Firms unlikely to be paid after Camerons collapse

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ACCOUNTS shared with businesses owed money by collapsed building firm Camerons show that it is unlikely that any will get paid – despite the contractor having £5.7 million on its books.

The company failed at the end of last month, citing spiralling material and labour costs, strains in the supply chain and problematic contracts, as well as the impact of the pandemic and Brexit. Forty-five Camerons employees were made redundant.

Earlier this week, firms owed money by the contractor were invited to a meeting, where the joint liquidators of the company – who are tasked with winding Camerons down and paying what they can to creditors – were appointed.

Creditors were also given details of the financial health of the company by directors of Camerons.

They show that Camerons has £7.635m of liabilities but only £163,000 available to pay secured creditors, which include staff, Social Security and the Tax Office, and no money to pay unsecured creditors, such as sub-contractors.

Picture: DAVID FERGUSON. (35520541)

Camerons’ ‘statement of affairs’ – prepared by the firm and seen by the JEP – shows that the company has £249,000 of ‘non-current assets’ such as plant, vehicles and land.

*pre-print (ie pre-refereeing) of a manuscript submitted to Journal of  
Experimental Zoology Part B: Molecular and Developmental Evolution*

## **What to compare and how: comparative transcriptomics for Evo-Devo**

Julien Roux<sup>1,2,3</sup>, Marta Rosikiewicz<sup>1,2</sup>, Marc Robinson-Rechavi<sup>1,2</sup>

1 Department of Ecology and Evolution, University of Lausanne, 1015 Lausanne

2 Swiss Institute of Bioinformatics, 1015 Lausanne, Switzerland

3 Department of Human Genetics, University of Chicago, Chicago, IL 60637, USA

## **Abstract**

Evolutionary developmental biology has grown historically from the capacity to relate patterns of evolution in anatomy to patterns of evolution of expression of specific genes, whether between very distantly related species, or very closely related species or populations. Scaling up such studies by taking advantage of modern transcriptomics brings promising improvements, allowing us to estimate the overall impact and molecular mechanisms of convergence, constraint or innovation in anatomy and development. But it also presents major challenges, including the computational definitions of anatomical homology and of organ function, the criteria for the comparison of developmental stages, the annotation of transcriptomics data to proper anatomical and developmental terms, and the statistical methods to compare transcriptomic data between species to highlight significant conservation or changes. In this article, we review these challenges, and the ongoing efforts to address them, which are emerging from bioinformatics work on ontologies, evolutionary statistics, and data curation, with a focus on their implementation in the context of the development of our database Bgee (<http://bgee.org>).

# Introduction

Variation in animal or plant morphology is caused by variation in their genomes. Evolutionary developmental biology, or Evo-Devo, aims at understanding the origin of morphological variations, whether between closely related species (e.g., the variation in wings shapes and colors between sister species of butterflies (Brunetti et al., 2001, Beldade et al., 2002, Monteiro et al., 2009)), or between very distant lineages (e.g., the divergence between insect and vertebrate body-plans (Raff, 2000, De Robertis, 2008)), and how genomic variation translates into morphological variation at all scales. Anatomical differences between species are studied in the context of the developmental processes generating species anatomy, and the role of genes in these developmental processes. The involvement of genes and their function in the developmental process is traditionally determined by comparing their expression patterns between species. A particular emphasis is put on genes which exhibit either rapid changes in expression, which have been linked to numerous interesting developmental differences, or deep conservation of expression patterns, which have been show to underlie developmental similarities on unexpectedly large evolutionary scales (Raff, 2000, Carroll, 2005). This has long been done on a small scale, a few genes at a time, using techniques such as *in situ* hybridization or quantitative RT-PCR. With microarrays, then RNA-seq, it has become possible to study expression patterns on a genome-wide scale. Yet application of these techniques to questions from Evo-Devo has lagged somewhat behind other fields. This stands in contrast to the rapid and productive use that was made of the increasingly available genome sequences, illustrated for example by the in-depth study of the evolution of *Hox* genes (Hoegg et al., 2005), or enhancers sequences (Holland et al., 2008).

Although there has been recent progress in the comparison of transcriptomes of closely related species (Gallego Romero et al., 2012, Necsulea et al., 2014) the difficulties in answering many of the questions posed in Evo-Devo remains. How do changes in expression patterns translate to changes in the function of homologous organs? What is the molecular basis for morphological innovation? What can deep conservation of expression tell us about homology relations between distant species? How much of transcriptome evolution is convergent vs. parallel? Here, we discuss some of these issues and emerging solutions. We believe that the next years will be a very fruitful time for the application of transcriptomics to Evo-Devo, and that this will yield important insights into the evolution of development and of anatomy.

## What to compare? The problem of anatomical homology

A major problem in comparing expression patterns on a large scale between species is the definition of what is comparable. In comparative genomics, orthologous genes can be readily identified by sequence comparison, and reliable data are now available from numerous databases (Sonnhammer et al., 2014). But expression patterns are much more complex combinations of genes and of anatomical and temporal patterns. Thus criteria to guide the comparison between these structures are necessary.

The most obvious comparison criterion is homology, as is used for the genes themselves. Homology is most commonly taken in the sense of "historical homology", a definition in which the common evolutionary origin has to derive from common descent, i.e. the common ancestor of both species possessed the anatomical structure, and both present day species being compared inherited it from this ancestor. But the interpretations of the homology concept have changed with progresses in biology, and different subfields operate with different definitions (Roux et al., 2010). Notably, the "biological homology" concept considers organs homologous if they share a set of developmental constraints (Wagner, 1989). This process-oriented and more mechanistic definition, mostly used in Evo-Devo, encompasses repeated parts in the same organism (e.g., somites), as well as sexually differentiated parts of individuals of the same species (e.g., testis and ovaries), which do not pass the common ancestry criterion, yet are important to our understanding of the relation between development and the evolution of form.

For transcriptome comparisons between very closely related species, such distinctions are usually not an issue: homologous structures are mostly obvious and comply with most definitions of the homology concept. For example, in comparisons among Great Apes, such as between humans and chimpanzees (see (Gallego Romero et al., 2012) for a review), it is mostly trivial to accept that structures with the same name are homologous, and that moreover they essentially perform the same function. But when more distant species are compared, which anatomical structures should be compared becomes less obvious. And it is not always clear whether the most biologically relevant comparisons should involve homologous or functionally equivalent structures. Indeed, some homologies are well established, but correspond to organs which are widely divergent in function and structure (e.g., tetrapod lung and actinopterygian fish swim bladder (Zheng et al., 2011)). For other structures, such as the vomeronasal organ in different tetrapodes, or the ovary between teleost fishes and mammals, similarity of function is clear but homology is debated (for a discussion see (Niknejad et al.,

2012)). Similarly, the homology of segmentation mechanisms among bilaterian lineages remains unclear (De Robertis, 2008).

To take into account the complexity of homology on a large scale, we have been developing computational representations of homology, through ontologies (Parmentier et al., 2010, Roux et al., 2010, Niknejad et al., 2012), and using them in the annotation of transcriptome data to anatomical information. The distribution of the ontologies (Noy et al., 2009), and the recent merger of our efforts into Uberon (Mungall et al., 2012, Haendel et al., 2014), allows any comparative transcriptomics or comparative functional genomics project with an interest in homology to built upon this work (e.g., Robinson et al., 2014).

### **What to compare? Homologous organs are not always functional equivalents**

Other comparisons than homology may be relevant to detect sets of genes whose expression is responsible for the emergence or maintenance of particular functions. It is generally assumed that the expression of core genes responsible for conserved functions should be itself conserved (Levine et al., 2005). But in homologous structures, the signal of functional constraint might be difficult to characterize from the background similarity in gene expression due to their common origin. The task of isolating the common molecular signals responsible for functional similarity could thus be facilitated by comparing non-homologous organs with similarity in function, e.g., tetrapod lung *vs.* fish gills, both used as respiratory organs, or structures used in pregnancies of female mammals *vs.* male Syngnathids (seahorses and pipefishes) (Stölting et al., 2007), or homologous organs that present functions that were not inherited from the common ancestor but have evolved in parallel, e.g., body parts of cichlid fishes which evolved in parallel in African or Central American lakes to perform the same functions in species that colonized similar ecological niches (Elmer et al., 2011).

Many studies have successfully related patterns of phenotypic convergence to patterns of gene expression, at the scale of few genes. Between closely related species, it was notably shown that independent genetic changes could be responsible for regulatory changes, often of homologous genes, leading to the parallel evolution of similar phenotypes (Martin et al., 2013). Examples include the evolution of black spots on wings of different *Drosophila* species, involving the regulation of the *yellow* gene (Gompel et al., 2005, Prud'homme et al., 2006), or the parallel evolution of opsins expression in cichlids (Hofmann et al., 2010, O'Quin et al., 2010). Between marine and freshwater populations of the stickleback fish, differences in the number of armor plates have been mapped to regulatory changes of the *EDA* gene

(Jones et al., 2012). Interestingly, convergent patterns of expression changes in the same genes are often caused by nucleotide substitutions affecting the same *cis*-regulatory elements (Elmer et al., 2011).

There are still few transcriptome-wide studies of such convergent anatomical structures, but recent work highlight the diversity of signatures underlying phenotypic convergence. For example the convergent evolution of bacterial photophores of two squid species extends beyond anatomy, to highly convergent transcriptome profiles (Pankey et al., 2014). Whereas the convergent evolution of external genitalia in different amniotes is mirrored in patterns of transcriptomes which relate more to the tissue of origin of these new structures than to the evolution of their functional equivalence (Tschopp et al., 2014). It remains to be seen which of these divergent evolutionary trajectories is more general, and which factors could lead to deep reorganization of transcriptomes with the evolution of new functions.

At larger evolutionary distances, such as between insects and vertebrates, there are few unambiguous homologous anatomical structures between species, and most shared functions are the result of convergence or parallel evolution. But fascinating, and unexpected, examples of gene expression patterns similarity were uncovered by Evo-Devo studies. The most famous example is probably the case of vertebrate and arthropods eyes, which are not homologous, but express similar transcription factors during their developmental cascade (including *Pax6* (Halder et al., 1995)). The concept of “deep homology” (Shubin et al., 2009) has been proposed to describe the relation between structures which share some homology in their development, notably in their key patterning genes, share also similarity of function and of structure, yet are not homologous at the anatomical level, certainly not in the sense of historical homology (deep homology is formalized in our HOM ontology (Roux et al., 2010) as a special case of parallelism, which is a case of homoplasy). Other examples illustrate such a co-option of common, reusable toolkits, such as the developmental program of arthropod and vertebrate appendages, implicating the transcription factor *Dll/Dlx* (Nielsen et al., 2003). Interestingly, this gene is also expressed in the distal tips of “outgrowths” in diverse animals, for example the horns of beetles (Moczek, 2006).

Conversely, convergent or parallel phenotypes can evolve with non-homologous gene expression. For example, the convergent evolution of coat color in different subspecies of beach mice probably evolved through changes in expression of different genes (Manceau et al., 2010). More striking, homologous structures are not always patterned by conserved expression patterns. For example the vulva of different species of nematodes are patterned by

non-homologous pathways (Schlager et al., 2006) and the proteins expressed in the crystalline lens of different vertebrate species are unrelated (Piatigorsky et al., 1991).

Of that, £102,000 is ‘realisable’ – meaning it is believed it can be accessed by the liquidators to pay people owed.

When it comes to ‘current assets’ – assets which are more liquid, such as cash – Camerons has £5.673m on its books.

Of that, just £61,000 is estimated to be available to liquidators. In total, the amount available for secured creditors before the costs of winding up the company are taken into account is £163,000.

The ‘non-realisable’ parts of the £5.673m include a £2.250m loan from the contractor to Camerons’ parent company, Garenne Construction Group Ltd – none of which can be reclaimed, say Camerons – and contractual debts amounting to £3,280,000 of which only £50,000 is realisable.

Preferred creditors include £35,000 owed to Camerons staff, £55,000 owed to Social Security and £93,000 owed in income tax.

It means that preferential creditors already swallow up the £163,000 of available assets, still leaving them £21,000 out of pocket.

Picture: DAVID FERGUSON. (35520545)

However, there are a far higher number of ‘unsecured creditors’ – businesses and individuals further down the established hierarchy of who gets what when a company goes under.

These include a £2m overdraft which Camerons had; £1.7m of retained money that was held back from subcontractors;

another £1.7m of ‘accruals’ – which is money owed in one accounting period but due in another – and £1.4m owed to unsecured ‘employees’.

In total, when it comes to overall proceeds that the company estimates it can pay versus the money owed to creditors, there is a £7.635m deficit.

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